Formula 1 Racing and racing sports in general of course are extremely dangerous. It’s not totally abnormal for either drivers to barely escape gnarly crashes or not escape at all. Though the vast majority of fatalities occurred between the 50s and 70s, 52 drivers have met their end competing in this sport and though conditions are considerably safer now the risk still remains for these drivers. As Lauda mentions in the opening scene “What kind of person does a job like this?” Obviously, it takes a certain kind of person to willingly step into the driver seat of a Formula 1 car knowing that they can end up being a statistic and as Lauda puts it it’s “not a normal man for sure.”
I’ve had the same thoughts as a fan of combat sports for years, that to be able to willingly step into the ring or cage you gotta be at least a little nutty. A little abnormal. To find fun in fighting and getting hit potentially very hard in the face takes a certain kind of mentality that the vast majority of the human race will never have.
I happen to be one of these kinds of people though somehow despite growing up a pretty reserved and quiet person. When I first started sparring, first in a small MMA class at a UFC brand gym back in 2015, I was initially as spooked and tentative as anyone would be trying this out but as I kept doing it and got better and better I found myself getting an almost perverse joy from fighting. To get hit and keep going then deal some punishment of my own gave me a “Rush,” if you will, akin to what I imagine barbarian berserkers felt after taking a third arrow to their body while laying siege to Constantinople at the fall of the Byzantine Empire.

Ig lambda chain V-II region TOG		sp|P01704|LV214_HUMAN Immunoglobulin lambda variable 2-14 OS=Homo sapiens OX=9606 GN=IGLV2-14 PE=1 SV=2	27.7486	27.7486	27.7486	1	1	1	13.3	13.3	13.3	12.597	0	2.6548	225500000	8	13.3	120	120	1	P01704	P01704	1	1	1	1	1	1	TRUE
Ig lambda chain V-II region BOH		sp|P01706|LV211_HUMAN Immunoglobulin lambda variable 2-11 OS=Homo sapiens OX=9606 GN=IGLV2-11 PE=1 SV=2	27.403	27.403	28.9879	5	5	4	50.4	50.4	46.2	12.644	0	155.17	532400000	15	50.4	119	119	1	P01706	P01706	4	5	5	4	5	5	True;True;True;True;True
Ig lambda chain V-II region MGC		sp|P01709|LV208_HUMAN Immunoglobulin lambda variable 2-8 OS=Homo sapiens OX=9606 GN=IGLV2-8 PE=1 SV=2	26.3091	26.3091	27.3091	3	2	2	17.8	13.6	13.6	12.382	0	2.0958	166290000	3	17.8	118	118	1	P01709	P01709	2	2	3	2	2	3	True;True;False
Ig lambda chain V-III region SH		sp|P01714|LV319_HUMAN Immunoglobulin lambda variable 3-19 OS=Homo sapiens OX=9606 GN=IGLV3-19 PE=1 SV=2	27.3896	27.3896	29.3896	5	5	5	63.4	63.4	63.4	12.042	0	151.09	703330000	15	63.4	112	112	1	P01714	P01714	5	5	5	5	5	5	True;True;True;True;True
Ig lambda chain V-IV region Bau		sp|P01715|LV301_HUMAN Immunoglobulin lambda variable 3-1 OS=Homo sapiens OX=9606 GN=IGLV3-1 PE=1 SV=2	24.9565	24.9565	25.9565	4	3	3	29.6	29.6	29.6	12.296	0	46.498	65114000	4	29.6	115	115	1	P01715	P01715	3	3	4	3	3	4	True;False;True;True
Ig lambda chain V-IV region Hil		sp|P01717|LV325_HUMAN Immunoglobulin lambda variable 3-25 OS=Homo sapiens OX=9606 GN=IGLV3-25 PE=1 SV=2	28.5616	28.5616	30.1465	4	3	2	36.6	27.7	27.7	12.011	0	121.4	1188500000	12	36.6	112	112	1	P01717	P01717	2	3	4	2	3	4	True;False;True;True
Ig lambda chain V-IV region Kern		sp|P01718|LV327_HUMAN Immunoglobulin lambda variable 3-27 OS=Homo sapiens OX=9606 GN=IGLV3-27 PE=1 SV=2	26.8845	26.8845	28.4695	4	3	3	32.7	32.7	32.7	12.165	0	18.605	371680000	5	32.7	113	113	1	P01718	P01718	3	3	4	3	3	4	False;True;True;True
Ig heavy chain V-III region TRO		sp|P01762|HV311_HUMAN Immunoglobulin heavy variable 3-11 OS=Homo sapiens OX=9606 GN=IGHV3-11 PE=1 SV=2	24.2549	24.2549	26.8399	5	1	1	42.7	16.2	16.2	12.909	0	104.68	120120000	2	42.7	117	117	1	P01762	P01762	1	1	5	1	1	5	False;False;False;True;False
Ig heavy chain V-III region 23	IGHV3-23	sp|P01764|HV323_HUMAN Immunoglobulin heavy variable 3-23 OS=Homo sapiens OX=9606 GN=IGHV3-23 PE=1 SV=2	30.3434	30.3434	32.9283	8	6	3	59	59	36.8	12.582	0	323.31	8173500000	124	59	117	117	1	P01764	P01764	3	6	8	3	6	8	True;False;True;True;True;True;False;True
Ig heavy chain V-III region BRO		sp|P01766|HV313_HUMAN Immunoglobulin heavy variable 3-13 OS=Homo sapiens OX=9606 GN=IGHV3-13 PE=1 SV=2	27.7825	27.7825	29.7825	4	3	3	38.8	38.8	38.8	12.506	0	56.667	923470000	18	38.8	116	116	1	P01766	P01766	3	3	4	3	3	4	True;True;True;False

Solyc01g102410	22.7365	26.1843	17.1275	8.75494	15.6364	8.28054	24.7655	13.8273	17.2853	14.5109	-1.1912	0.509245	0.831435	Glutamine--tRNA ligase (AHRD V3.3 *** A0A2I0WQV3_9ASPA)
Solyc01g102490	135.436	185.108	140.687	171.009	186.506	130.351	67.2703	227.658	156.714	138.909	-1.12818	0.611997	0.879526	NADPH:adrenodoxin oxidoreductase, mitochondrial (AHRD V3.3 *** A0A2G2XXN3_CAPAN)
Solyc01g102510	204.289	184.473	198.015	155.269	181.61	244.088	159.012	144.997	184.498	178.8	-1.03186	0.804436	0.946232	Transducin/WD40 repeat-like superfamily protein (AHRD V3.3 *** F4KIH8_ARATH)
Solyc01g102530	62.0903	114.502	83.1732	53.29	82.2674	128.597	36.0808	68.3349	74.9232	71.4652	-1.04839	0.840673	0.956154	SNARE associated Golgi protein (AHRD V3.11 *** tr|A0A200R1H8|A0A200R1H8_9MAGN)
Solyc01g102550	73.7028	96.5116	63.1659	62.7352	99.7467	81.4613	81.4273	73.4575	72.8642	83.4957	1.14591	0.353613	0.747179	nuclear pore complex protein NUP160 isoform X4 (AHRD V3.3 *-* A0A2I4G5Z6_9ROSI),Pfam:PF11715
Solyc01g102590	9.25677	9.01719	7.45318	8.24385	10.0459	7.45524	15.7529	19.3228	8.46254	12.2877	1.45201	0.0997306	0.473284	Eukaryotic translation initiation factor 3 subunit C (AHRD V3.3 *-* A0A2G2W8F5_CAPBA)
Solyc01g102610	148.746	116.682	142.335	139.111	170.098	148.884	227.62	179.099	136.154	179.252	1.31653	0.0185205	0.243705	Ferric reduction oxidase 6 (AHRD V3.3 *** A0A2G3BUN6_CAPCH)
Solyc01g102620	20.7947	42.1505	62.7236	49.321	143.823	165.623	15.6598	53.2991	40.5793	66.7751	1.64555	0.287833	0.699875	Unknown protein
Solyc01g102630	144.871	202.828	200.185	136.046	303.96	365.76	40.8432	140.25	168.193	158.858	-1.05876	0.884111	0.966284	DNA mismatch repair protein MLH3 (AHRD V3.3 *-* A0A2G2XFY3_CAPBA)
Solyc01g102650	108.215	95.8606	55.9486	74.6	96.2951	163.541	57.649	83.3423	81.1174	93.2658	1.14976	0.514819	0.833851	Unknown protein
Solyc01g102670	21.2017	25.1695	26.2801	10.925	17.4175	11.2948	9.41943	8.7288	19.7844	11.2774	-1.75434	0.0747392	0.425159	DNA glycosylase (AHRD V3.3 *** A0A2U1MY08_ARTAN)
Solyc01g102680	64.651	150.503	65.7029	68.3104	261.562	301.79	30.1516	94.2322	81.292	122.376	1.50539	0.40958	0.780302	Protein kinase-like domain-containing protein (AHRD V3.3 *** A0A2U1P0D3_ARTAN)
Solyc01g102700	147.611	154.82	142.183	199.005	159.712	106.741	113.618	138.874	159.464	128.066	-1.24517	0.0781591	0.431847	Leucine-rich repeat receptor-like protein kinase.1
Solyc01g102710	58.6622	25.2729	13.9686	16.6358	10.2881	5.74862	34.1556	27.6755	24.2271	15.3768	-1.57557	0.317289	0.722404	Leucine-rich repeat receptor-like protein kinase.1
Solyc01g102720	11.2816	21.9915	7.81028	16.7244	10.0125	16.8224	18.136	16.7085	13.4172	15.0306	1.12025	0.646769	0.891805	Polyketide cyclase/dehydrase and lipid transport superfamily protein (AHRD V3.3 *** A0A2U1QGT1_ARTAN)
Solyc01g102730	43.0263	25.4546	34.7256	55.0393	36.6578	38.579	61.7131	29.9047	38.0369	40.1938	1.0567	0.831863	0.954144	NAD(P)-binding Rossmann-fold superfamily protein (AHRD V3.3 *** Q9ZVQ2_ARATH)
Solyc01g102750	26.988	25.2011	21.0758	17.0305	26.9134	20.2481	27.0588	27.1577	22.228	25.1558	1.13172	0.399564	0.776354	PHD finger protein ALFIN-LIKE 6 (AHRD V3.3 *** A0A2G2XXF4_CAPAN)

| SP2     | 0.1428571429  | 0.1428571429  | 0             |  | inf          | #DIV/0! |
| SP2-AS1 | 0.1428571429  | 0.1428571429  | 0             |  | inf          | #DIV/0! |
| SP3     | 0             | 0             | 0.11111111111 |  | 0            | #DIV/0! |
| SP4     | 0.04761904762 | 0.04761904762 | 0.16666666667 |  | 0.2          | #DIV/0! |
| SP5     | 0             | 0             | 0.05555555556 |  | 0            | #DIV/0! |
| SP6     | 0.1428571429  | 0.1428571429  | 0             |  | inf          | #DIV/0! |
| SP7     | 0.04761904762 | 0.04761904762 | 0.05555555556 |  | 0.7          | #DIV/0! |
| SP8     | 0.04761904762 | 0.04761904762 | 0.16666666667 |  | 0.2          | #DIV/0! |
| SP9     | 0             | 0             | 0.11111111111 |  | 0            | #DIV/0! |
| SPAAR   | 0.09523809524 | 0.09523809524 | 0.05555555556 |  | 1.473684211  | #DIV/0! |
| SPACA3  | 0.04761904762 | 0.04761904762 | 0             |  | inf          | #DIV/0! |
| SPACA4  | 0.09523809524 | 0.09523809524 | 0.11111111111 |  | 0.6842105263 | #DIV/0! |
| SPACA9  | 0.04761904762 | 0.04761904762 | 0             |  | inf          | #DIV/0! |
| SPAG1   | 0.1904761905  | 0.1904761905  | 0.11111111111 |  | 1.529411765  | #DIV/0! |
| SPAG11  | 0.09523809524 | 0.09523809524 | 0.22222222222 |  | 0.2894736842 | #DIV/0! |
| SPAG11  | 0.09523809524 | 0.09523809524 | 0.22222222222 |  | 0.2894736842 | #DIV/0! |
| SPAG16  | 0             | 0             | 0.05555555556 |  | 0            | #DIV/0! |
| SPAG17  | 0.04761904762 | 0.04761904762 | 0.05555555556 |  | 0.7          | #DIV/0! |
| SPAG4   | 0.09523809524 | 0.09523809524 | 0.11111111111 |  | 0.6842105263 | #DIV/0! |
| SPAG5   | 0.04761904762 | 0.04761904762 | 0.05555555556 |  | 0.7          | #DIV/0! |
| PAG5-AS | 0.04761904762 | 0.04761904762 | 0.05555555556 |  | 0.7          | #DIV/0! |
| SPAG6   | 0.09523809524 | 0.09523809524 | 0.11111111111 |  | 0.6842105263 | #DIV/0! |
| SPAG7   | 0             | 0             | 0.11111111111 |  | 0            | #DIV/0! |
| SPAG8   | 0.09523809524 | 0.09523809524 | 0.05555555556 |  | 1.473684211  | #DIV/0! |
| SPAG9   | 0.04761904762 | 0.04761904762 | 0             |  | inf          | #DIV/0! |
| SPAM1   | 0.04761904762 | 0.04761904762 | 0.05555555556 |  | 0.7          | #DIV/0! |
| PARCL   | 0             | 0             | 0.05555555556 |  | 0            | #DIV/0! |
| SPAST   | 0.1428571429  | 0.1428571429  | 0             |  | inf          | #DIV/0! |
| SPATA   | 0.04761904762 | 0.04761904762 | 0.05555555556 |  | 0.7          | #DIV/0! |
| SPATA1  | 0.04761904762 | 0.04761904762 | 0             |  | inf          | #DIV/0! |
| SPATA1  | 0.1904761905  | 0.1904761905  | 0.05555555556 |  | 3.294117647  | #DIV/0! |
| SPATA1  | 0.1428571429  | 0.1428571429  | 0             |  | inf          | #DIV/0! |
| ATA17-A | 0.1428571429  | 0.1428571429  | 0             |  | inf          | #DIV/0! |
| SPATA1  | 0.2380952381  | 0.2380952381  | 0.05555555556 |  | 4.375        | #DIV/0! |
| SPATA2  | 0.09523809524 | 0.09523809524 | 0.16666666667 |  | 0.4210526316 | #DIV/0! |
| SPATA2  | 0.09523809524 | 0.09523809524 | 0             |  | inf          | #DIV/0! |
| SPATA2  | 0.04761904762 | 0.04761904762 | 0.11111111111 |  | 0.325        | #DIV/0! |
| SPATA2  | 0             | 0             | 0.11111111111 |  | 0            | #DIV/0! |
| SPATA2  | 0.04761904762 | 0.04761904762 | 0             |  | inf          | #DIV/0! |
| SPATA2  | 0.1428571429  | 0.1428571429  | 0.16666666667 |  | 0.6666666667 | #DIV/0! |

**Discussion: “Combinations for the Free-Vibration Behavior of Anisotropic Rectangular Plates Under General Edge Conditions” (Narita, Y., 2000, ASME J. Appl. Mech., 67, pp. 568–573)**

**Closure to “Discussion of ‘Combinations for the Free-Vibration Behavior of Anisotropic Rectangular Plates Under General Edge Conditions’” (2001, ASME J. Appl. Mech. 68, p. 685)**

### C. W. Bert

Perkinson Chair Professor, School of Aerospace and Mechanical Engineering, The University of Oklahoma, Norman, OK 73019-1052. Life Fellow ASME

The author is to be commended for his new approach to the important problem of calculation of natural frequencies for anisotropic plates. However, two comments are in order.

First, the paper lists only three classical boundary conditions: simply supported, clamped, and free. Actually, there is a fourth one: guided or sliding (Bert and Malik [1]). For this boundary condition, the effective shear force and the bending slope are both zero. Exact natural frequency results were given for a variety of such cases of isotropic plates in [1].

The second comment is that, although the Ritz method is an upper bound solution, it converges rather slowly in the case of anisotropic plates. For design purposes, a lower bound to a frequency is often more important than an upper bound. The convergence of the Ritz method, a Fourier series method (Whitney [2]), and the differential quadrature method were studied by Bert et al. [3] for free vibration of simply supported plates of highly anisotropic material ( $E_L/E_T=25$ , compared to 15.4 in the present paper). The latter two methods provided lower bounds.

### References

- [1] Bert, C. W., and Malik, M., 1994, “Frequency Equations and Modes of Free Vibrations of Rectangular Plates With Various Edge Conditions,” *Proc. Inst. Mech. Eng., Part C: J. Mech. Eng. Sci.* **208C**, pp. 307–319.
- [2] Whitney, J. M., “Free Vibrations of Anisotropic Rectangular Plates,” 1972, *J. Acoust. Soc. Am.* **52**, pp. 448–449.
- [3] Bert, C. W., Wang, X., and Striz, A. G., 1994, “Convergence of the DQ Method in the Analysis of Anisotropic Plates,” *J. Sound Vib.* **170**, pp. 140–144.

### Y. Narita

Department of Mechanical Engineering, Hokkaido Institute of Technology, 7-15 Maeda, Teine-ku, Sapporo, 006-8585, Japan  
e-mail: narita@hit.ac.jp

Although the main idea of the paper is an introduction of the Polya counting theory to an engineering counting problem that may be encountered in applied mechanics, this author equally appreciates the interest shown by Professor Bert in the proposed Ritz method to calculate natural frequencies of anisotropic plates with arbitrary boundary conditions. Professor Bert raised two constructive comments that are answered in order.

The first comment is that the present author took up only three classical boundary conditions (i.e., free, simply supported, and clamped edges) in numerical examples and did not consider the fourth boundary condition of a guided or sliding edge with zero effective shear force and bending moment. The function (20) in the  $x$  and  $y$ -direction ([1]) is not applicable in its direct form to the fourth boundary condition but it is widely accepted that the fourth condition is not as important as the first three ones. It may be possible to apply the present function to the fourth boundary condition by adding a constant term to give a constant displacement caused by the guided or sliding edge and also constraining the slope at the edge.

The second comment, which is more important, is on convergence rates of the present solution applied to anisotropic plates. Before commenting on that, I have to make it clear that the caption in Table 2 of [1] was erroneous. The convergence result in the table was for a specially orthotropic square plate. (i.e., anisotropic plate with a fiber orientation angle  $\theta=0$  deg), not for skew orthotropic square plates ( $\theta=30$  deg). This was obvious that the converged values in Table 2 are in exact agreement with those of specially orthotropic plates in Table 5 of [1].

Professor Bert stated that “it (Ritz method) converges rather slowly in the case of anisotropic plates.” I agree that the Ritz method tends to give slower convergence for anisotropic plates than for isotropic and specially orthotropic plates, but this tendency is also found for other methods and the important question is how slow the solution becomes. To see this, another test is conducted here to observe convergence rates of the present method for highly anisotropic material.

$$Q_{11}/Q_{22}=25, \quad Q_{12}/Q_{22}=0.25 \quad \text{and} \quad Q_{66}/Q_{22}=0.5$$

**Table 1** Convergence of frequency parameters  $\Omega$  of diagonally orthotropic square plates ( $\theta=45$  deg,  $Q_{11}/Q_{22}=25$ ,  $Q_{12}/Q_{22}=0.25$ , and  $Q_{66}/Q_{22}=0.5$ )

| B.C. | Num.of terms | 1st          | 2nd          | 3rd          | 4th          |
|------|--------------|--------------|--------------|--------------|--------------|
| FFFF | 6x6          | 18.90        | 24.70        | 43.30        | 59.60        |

It was “fun,” even on days where I wasn’t my best and after I started training officially at a Muay Thai gym in 2018 I started to think about fighting for real finally and what that might be like.
It was like a virus in my brain that kept growing and growing, making me increasingly anxious as I kept asking myself “When? When are you going to fight?”
I kept putting it off though. Social and work responsibilities kept me from training as often as I wanted to and I kept telling myself I would try when conditions were more perfect and I was ready. I kept setting new deadlines for myself for years going “Okay, you have until age 26 to do this.” Then it became do it by age 28, 29, 30, 31 and now here I am at 32.